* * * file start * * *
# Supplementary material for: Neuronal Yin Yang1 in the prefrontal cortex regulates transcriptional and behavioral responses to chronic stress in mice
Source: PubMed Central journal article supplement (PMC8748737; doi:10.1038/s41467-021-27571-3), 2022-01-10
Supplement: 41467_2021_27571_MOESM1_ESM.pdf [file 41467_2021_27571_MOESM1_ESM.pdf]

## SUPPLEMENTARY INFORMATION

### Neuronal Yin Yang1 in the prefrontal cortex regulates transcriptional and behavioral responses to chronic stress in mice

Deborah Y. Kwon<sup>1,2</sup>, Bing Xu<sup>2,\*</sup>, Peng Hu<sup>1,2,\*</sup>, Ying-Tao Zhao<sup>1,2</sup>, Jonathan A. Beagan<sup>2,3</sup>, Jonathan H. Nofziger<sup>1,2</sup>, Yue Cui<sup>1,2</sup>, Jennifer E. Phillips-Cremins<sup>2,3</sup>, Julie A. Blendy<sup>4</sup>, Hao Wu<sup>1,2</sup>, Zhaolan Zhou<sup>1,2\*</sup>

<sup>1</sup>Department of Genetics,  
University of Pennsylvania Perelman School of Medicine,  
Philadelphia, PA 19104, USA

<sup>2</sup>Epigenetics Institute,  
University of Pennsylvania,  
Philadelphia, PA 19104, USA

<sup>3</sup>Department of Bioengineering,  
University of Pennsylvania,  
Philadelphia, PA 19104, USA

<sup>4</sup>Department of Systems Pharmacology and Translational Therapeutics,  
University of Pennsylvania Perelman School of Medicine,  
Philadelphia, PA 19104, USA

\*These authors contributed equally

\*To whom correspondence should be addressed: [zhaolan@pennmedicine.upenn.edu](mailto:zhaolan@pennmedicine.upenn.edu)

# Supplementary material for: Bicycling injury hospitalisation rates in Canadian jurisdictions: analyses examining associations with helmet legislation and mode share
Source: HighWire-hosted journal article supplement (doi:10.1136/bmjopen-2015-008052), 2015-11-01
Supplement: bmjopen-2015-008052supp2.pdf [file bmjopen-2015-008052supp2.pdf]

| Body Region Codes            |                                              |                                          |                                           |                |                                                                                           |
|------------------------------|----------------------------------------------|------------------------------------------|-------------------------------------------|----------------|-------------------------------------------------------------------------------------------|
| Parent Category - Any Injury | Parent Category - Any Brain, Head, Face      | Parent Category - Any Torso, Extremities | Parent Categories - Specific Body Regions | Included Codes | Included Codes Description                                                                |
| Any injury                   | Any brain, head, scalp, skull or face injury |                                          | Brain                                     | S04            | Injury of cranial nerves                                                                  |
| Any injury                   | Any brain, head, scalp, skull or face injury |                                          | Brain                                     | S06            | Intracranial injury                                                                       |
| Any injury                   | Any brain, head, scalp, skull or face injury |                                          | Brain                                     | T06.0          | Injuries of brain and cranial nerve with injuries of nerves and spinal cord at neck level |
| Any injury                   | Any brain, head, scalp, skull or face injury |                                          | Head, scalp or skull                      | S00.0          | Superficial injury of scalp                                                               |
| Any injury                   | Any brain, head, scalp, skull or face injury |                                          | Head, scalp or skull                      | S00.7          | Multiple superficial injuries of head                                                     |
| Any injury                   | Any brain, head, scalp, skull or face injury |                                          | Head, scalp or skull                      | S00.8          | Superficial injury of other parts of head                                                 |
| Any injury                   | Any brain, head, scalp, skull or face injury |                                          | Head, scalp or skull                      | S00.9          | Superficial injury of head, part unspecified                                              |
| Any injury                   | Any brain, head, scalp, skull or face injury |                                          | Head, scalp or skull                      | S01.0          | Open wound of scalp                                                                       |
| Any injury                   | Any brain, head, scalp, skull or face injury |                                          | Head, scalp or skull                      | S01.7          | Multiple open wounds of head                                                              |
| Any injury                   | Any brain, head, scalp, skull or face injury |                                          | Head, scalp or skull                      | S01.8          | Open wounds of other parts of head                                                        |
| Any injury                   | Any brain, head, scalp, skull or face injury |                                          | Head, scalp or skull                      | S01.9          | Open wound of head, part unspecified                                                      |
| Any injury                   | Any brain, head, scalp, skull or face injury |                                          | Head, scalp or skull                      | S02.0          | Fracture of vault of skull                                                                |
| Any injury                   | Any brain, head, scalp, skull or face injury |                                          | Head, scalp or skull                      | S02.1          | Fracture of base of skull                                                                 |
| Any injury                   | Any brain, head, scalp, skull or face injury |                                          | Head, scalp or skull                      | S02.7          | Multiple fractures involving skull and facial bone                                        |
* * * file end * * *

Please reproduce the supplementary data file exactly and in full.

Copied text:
# Supplementary material for: Neuronal Yin Yang1 in the prefrontal cortex regulates transcriptional and behavioral responses to chronic stress in mice
Source: PubMed Central journal article supplement (PMC8748737; doi:10.1038/s41467-021-27571-3), 2022-01-10
Supplement: 41467_2021_27571_MOESM1_ESM.pdf [file 41467_2021_27571_MOESM1_ESM.pdf]

## SUPPLEMENTARY INFORMATION

### Neuronal Yin Yang1 in the prefrontal cortex regulates transcriptional and behavioral responses to chronic stress in mice

Deborah Y. Kwon<sup>1,2</sup>, Bing Xu<sup>2,\*</sup>, Peng Hu<sup>1,2,\*</sup>, Ying-Tao Zhao<sup>1,2</sup>, Jonathan A. Beagan<sup>2,3</sup>, Jonathan H. Nofziger<sup>1,2</sup>, Yue Cui<sup>1,2</sup>, Jennifer E. Phillips-Cremins<sup>2,3</sup>, Julie A. Blendy<sup>4</sup>, Hao Wu<sup>1,2</sup>, Zhaolan Zhou<sup>1,2\*</sup>

<sup>1</sup>Department of Genetics,  
University of Pennsylvania Perelman School of Medicine,  
Philadelphia, PA 19104, USA

<sup>2</sup>Epigenetics Institute,  
University of Pennsylvania,  
Philadelphia, PA 19104, USA

<sup>3</sup>Department of Bioengineering,  
University of Pennsylvania,  
Philadelphia, PA 19104, USA

<sup>4</sup>Department of Systems Pharmacology and Translational Therapeutics,  
University of Pennsylvania Perelman School of Medicine,  
Philadelphia, PA 19104, USA

\*These authors contributed equally

\*To whom correspondence should be addressed: [zhaolan@pennmedicine.upenn.edu](mailto:zhaolan@pennmedicine.upenn.edu)

# Supplementary material for: Bicycling injury hospitalisation rates in Canadian jurisdictions: analyses examining associations with helmet legislation and mode share
Source: HighWire-hosted journal article supplement (doi:10.1136/bmjopen-2015-008052), 2015-11-01
Supplement: bmjopen-2015-008052supp2.pdf [file bmjopen-2015-008052supp2.pdf]

| Body Region Codes            |                                              |                                          |                                           |                |                                                                                           |
|------------------------------|----------------------------------------------|------------------------------------------|-------------------------------------------|----------------|-------------------------------------------------------------------------------------------|
| Parent Category - Any Injury | Parent Category - Any Brain, Head, Face      | Parent Category - Any Torso, Extremities | Parent Categories - Specific Body Regions | Included Codes | Included Codes Description                                                                |
| Any injury                   | Any brain, head, scalp, skull or face injury |                                          | Brain                                     | S04            | Injury of cranial nerves                                                                  |
| Any injury                   | Any brain, head, scalp, skull or face injury |                                          | Brain                                     | S06            | Intracranial injury                                                                       |
| Any injury                   | Any brain, head, scalp, skull or face injury |                                          | Brain                                     | T06.0          | Injuries of brain and cranial nerve with injuries of nerves and spinal cord at neck level |
| Any injury                   | Any brain, head, scalp, skull or face injury |                                          | Head, scalp or skull                      | S00.0          | Superficial injury of scalp                                                               |
| Any injury                   | Any brain, head, scalp, skull or face injury |                                          | Head, scalp or skull                      | S00.7          | Multiple superficial injuries of head                                                     |
| Any injury                   | Any brain, head, scalp, skull or face injury |                                          | Head, scalp or skull                      | S00.8          | Superficial injury of other parts of head                                                 |
| Any injury                   | Any brain, head, scalp, skull or face injury |                                          | Head, scalp or skull                      | S00.9          | Superficial injury of head, part unspecified                                              |
| Any injury                   | Any brain, head, scalp, skull or face injury |                                          | Head, scalp or skull                      | S01.0          | Open wound of scalp                                                                       |
| Any injury                   | Any brain, head, scalp, skull or face injury |                                          | Head, scalp or skull                      | S01.7          | Multiple open wounds of head                                                              |
| Any injury                   | Any brain, head, scalp, skull or face injury |                                          | Head, scalp or skull                      | S01.8          | Open wounds of other parts of head                                                        |
| Any injury                   | Any brain, head, scalp, skull or face injury |                                          | Head, scalp or skull                      | S01.9          | Open wound of head, part unspecified                                                      |
| Any injury                   | Any brain, head, scalp, skull or face injury |                                          | Head, scalp or skull                      | S02.0          | Fracture of vault of skull                                                                |
| Any injury                   | Any brain, head, scalp, skull or face injury |                                          | Head, scalp or skull                      | S02.1          | Fracture of base of skull                                                                 |
| Any injury                   | Any brain, head, scalp, skull or face injury |                                          | Head, scalp or skull                      | S02.7          | Multiple fractures involving skull and facial bone                                        |